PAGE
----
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Nat Rev Mol Cell Biol. 2014 Mar;15(3):197-210. doi: 10.1038/nrm3756.

Endocycles: a recurrent evolutionary innovation for post-mitotic cell growth.

Author information

German Cancer Research Center-Center for Molecular Biology Heidelberg Alliance, Im Neuenheimer Feld 282, 69120 Heidelberg, Germany.
Centro de Biologia Molecular Severo Ochoa, CSIC-UAM, Nicolas Cabrera 1, Cantoblanco, 28049 Madrid, Spain.

Erratum in

  • Nat Rev Mol Cell Biol. 2014 Apr;15(4):294.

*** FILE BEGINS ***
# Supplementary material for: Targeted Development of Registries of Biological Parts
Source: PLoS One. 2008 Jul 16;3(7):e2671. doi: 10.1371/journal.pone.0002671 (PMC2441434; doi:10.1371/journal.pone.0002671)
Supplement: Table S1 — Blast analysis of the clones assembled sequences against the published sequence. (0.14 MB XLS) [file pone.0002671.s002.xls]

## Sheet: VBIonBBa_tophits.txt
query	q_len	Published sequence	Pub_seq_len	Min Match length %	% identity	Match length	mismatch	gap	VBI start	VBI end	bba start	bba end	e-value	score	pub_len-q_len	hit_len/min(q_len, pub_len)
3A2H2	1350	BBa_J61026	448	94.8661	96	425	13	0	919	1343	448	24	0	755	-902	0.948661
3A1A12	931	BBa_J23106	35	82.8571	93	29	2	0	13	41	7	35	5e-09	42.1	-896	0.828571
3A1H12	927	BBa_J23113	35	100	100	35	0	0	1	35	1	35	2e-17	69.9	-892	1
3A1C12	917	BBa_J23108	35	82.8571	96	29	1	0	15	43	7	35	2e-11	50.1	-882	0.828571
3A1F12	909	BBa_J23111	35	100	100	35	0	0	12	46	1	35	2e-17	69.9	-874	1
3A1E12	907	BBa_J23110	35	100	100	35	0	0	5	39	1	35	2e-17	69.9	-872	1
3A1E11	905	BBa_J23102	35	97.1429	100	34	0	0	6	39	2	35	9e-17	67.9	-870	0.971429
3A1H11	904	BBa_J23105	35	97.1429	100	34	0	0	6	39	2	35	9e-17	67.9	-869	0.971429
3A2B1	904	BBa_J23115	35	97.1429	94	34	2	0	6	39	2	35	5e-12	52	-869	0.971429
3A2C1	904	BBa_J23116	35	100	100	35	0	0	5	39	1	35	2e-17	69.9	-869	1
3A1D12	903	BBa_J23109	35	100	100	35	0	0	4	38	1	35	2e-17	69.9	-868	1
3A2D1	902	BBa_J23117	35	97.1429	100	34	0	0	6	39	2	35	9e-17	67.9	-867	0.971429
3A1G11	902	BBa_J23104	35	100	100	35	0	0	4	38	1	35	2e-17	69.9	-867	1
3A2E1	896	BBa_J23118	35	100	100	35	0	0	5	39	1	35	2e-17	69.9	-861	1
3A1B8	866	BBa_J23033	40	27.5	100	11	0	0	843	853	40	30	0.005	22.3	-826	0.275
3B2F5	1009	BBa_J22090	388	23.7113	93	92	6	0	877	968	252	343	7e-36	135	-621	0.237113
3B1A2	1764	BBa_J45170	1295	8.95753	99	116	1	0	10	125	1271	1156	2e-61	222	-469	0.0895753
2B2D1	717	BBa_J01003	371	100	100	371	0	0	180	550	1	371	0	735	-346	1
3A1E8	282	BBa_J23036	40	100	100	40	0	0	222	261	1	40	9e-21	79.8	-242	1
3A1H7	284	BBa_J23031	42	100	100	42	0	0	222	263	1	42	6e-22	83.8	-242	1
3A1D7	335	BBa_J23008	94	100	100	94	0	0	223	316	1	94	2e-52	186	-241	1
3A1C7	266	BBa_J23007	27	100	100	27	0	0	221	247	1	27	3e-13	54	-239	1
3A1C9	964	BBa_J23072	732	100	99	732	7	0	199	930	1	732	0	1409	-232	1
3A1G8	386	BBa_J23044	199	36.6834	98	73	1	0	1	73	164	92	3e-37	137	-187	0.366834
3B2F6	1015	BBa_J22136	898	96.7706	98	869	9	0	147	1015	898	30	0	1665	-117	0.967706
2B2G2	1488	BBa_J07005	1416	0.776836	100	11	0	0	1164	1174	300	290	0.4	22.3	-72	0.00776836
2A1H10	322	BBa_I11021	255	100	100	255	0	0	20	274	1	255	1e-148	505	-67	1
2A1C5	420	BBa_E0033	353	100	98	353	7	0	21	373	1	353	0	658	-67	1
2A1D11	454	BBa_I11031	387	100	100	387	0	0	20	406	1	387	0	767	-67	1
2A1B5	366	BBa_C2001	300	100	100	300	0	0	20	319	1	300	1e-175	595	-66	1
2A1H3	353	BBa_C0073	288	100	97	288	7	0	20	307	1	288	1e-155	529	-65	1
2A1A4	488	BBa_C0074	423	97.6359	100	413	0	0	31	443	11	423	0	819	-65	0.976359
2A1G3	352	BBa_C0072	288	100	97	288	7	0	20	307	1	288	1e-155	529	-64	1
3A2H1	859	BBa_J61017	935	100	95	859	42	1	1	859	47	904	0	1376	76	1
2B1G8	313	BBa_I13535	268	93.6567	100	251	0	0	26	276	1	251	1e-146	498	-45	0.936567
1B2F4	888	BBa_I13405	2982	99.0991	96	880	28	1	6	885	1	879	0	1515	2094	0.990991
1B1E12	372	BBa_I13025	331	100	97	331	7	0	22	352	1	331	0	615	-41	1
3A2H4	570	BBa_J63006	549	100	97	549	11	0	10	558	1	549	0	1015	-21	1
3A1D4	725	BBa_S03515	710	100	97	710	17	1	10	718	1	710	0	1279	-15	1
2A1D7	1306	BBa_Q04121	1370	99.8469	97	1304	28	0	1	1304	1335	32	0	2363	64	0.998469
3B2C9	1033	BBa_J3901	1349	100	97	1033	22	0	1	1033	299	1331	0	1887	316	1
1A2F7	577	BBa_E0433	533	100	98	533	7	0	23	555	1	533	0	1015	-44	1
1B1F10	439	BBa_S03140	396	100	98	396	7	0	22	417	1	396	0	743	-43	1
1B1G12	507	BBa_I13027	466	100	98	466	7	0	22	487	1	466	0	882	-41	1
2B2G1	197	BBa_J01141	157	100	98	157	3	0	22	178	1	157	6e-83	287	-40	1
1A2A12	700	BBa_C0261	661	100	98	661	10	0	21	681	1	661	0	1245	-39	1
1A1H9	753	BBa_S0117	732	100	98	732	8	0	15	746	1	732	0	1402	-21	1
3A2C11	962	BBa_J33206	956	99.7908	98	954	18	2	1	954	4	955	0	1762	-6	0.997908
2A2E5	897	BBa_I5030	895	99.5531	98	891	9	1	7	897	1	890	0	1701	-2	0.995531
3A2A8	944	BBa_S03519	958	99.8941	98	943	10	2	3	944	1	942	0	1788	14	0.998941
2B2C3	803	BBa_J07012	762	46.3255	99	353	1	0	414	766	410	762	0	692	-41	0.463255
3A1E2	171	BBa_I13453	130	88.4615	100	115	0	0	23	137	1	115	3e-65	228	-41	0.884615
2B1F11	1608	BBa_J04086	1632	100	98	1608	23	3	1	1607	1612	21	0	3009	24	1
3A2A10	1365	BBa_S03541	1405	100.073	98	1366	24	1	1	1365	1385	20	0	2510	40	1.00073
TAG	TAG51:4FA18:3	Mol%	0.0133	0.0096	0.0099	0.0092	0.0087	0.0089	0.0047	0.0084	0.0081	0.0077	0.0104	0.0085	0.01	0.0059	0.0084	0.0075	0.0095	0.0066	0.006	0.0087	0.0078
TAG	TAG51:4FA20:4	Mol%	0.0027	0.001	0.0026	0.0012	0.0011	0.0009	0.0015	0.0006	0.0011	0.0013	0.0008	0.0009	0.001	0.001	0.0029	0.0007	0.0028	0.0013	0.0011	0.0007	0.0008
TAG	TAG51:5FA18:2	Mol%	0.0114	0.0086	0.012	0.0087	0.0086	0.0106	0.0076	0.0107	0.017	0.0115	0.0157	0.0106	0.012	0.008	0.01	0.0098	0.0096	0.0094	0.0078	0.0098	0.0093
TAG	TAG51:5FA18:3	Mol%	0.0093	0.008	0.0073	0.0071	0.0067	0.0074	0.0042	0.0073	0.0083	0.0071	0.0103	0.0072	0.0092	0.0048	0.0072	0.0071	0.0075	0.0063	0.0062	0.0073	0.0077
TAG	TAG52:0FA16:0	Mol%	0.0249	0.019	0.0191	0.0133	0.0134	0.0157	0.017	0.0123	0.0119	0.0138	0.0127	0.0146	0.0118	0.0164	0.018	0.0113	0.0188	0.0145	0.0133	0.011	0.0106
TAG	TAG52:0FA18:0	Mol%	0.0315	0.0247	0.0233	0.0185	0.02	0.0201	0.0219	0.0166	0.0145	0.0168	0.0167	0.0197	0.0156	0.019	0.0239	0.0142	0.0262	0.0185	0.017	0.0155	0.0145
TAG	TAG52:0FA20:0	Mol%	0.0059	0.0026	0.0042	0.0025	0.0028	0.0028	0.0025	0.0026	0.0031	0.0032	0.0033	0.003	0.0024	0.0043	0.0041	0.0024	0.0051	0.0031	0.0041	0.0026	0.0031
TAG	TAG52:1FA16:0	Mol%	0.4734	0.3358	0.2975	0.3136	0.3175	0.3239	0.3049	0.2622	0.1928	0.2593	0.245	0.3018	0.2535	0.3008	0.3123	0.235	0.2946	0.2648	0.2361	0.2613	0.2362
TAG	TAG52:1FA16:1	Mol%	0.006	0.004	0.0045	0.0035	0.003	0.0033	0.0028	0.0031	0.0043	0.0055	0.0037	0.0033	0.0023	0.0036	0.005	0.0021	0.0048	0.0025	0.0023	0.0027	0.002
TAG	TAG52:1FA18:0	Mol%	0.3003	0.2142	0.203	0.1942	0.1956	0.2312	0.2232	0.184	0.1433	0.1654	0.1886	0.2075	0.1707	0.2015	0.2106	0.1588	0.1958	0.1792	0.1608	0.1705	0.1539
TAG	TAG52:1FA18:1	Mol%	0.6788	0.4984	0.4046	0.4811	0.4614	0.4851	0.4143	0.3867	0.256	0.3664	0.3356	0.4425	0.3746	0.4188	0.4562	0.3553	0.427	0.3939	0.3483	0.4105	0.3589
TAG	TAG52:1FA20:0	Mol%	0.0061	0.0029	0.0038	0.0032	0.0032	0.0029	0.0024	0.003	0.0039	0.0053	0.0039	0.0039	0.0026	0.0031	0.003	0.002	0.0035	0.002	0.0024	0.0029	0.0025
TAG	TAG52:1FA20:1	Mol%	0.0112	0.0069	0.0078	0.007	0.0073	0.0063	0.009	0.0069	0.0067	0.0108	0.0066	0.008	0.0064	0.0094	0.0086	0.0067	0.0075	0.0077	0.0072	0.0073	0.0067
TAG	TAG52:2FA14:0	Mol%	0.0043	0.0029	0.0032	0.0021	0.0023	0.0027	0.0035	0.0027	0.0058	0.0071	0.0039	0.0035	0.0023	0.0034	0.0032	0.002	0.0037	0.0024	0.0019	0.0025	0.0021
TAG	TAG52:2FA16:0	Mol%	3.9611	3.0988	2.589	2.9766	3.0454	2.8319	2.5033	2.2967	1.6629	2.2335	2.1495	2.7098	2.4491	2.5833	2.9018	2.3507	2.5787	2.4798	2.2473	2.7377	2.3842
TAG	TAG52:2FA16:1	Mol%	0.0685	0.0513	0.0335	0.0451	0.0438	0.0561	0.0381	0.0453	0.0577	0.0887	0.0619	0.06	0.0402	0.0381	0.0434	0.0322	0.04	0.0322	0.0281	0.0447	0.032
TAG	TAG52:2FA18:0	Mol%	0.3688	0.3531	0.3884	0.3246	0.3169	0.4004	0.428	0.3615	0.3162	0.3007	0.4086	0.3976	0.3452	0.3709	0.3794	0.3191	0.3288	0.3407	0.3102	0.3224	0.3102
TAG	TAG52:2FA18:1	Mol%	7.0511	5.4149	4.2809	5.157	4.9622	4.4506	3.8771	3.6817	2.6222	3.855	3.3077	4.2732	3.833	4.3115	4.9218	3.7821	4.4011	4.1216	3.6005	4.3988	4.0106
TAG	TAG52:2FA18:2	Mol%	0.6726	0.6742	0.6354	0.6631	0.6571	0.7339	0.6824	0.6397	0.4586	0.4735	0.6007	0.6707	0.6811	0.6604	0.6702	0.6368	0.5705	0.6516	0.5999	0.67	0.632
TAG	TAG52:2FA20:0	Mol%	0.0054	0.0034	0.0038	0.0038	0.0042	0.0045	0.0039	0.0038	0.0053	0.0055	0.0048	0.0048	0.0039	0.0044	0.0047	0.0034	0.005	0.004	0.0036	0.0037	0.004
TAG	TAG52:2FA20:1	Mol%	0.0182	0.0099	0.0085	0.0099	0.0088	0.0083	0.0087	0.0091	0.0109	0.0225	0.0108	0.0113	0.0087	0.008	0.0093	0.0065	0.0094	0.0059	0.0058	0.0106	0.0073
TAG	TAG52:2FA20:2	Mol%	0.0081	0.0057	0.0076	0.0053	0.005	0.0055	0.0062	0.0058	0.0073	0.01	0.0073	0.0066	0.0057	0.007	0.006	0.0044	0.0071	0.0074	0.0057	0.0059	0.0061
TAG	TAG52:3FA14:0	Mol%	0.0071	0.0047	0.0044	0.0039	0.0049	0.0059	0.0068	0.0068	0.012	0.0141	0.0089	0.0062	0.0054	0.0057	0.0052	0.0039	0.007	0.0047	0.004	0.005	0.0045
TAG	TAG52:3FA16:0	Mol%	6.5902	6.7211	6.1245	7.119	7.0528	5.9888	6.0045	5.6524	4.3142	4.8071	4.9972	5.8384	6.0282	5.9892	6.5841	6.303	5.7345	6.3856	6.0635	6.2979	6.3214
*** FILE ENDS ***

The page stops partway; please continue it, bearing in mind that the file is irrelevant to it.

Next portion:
In endoreplication cell cycles, known as endocycles, cells successively replicate their genomes without segregating chromosomes during mitosis and thereby become polyploid. Such cycles, for which there are many variants, are widespread in protozoa, plants and animals. Endocycling cells can achieve ploidies of >200,000 C (chromatin-value); this increase in genomic DNA content allows a higher genomic output, which can facilitate the construction of very large cells or enhance macromolecular secretion. These cells execute normal S phases, using a G1-S regulatory apparatus similar to the one used by mitotic cells, but their capability to segregate chromosomes has been suppressed, typically by downregulation of mitotic cyclin-dependent kinase activity. Endocycles probably evolved many times, and the various endocycle mechanisms found in nature highlight the versatility of the cell cycle control machinery.

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